Better results are obtained when the firing is followed by further surface smoothing by a sol-gel process. Surface smoothing may be carried out by conventional sol-gel processes although it is preferred to use a sol-gel solution obtained by dissolving a metal compound in a diol represented by OH(CH2)nOH, typically propane diol as a solvent. Although metal alkoxides are often used as the metal compound source in the preparation of sol-gel solutions, they are prone to hydrolysis. In preparing a high concentration solution, it is preferred to use acetylacetonato compounds and derivatives thereof in order to prevent the source from precipitating and settling and the solution from solidifying. It is also preferred to use lead-free barium titanate (BaTiO3) as a main component.
The substrate used herein is not critical as long as it is electrically insulating, does not contaminate any overlying layers such as an insulating layer (dielectric layer) and electrode layer, and maintains a desired strength. Illustrative materials are ceramic substrates including alumina (Al2O3), quartz glass (SiO2), magnesia (MgO), forsterite (2MgO.SiO2), steatite (MgO.SiO2), mullite (3Al2O3.2SiO2), beryllia (BeO), zirconia (ZrO2), aluminum nitride (AlN), silicon nitride (SiN), and silicon carbide (SiC+BeO). Additionally, barium, strontium and lead family perovskite compounds are useful, and in this case, a substrate material having the same composition as the insulating layer can be used. Of these, alumina substrates are preferred; and beryllia, aluminum nitride and silicon carbide are preferred when heat conductivity is necessary. Use of a substrate material having the same composition as the thick-film dielectric layer or insulating layer is advantageous because bowing, stripping and other undesired phenomena due to differential thermal expansion do not occur.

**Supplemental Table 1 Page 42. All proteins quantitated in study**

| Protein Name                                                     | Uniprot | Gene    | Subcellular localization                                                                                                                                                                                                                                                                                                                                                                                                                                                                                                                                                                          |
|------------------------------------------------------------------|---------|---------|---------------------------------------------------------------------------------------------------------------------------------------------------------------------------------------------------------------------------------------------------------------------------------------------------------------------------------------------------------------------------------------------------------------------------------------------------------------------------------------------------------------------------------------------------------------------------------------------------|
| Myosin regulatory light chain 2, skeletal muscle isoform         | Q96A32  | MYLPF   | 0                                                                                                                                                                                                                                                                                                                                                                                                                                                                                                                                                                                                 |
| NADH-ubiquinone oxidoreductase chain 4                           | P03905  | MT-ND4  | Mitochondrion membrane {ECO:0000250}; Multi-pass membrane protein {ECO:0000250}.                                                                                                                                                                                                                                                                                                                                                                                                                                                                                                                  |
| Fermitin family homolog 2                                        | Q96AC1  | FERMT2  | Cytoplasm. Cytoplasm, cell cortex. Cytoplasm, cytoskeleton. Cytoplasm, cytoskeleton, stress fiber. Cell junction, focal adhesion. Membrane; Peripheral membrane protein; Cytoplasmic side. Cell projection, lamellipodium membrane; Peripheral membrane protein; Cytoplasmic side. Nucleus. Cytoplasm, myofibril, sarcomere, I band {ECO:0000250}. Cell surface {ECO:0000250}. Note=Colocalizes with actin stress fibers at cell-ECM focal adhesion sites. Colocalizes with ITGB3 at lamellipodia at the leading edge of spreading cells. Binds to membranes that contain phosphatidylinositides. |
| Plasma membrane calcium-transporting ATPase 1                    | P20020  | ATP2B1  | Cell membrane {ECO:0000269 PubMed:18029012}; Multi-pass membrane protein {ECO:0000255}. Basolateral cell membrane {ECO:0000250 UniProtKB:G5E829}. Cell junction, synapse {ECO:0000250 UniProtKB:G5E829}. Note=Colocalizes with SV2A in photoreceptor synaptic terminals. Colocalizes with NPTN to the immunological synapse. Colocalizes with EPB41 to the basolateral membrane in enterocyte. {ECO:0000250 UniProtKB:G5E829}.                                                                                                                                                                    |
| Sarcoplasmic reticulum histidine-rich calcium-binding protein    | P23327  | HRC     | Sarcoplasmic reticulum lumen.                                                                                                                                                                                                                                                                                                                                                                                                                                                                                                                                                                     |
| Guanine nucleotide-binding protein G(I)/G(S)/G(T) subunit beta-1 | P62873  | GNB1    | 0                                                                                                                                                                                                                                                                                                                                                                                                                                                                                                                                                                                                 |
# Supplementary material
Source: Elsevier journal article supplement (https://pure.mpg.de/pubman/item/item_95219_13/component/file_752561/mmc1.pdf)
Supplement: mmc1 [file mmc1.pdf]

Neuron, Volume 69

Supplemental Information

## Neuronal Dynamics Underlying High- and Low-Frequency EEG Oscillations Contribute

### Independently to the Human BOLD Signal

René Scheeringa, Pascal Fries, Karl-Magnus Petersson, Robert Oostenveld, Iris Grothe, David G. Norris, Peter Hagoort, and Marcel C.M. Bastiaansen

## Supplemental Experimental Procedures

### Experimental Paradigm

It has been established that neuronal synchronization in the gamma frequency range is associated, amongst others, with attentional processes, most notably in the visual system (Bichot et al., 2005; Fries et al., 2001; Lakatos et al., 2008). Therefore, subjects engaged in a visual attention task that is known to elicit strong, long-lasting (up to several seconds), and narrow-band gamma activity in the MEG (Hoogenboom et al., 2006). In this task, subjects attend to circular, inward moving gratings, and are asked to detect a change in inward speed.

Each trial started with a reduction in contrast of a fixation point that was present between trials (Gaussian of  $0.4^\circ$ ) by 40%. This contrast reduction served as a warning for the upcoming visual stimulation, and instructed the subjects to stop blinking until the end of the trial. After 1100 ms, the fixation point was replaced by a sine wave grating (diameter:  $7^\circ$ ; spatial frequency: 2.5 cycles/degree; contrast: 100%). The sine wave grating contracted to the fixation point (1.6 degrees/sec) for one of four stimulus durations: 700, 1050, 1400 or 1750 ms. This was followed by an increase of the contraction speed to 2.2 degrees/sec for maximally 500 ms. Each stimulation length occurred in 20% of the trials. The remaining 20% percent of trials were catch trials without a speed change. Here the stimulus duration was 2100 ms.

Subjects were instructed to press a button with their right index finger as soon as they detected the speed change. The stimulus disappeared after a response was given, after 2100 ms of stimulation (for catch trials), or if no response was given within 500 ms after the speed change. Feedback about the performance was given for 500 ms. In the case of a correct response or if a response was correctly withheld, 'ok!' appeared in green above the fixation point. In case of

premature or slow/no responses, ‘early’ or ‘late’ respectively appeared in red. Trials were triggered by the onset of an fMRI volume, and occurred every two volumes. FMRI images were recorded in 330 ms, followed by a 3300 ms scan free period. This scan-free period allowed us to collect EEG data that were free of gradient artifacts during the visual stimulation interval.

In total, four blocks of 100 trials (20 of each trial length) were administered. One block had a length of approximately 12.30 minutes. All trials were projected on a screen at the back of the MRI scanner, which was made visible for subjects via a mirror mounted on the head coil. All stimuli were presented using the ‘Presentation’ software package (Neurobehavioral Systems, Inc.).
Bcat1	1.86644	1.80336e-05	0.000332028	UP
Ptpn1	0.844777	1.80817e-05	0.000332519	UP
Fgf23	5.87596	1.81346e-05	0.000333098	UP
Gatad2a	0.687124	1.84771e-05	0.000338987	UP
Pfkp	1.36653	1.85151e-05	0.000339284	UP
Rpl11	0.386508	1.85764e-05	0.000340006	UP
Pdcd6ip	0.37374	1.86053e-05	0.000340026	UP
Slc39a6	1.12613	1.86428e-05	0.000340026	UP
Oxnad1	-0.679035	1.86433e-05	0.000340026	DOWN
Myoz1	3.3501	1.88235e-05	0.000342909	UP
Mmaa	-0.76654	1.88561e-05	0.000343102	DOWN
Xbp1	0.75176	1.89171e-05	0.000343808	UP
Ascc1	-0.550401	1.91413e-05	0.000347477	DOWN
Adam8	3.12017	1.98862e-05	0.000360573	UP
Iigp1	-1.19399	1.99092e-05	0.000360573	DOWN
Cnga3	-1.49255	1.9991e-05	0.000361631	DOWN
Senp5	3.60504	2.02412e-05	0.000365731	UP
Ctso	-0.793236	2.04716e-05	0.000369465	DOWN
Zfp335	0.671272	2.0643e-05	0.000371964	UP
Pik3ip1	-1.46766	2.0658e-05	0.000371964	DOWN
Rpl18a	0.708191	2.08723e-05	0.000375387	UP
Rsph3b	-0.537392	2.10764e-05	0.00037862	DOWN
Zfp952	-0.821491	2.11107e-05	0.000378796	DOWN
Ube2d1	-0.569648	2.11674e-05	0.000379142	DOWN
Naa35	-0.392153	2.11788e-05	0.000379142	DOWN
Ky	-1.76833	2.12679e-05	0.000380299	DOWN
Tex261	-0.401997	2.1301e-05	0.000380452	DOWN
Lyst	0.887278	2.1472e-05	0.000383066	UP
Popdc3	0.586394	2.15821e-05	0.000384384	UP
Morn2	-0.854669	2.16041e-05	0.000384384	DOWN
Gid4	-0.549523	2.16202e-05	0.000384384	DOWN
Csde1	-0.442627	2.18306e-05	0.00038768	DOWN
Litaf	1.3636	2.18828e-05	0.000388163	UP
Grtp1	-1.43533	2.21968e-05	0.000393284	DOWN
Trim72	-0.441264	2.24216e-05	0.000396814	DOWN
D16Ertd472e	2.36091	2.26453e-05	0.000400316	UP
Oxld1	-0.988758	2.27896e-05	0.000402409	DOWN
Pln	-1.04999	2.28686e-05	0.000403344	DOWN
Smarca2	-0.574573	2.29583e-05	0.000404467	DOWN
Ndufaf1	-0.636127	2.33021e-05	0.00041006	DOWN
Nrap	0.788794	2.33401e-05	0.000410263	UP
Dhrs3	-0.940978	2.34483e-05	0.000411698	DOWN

The temperature at which these substrates are fired is at least about 800° C., preferably about 800° C. to 1,500° C., and more preferably about 1,200° C. to 1,400° C.
A glass material may be contained in the substrate for the purpose of lowering the firing temperature. Illustrative are PbO, B2O3, SiO2, CaO, MgO, TiO2, and ZrO2, alone or in admixture of any. The content of glass is about 20 to 30% by weight based on the substrate material.
An organic binder may be used when a paste for forming the substrate is prepared. The organic binder used herein is not critical and a proper choice may be made among binders commonly used for ceramic materials. Examples of the organic binder include ethyl cellulose, acrylic resins and butyral resins, and examples of the solvent include α-terpineol, butyl Carbitol, and kerosene. The contents of organic binder and solvent in the paste are not critical and may be as usual. For example, the content of organic binder is about 1 to 5 wt % and the content of solvent is about 10 to 50 wt %.
In the substrate-forming paste, various additives such as dispersants, plasticizers, and insulators are contained if necessary. The overall content of these additives should preferably be no more than 1 wt %.
The substrate generally has a thickness of about 1 to 5 mm, and preferably about 1 to 3 mm.
A base metal may be used as the electrode material when firing is carried out in a reducing atmosphere. Preferably, use is made of one or more of Mn, Fe, Co, Ni, Cu, Si, W and Mo, as well as Ni—Cu, Ni—Mn, Ni—Cr, Ni—Co and Ni—Al alloys, with Ni, Cu and Ni—Cu alloy being more preferred.
When firing is carried out in an oxidizing atmosphere, a metal which does not form an oxide in an oxidizing atmosphere is preferred. Illustrative examples include one or more of Ag, Au, Pt, Rh, Ru, Ir, Pb and Pd, with Ag, Pd and Ag—Pd alloy being more preferred.
The electrode layer may contain glass frit because its adhesion to the underlying substrate is enhanced. When firing is carried out in a neutral or reducing atmosphere, a glass frit which does not lose glass behavior in such an atmosphere is preferred.
The composition of glass frit is not critical as long as the above requirement is met. For example, there may be used one or more glass frits selected from among silicate glass (SiO2 20-80 wt %, Na2O 80-20 wt %), borosilicate glass (B2O3 5-50 wt %, SiO2 5-70 wt %, PbO 1-10 wt %, K2O 1-15 wt %), and aluminosilicate glass (Al2O3 1-30 wt %, SiO2 10-60 wt %, Na2O 5-15 wt %, CaO 1-20 wt %, B2O3 5-30 wt %). If desired, at least one additive selected from among CaO 0.01-50 wt %, SrO 0.01-70 wt %, BaO 0.01-50 wt %, MgO 0.01-5 wt %, ZnO 0.01-70 wt %, PbO 0.01-5 wt %, Na2O 0.01-10 wt %, K2O 0.01-10 wt % and MnO2 0.01-20 wt % may be admixed with the glass frit so as to give a predetermined compositional ratio. The content of glass relative to the metal component is not critical although it is usually about 0.5 to 20% by weight, and preferably about 1 to 10% by weight. The overall content of the additives in the glass component is preferably no more than 50% by weight provided that the glass component is 100.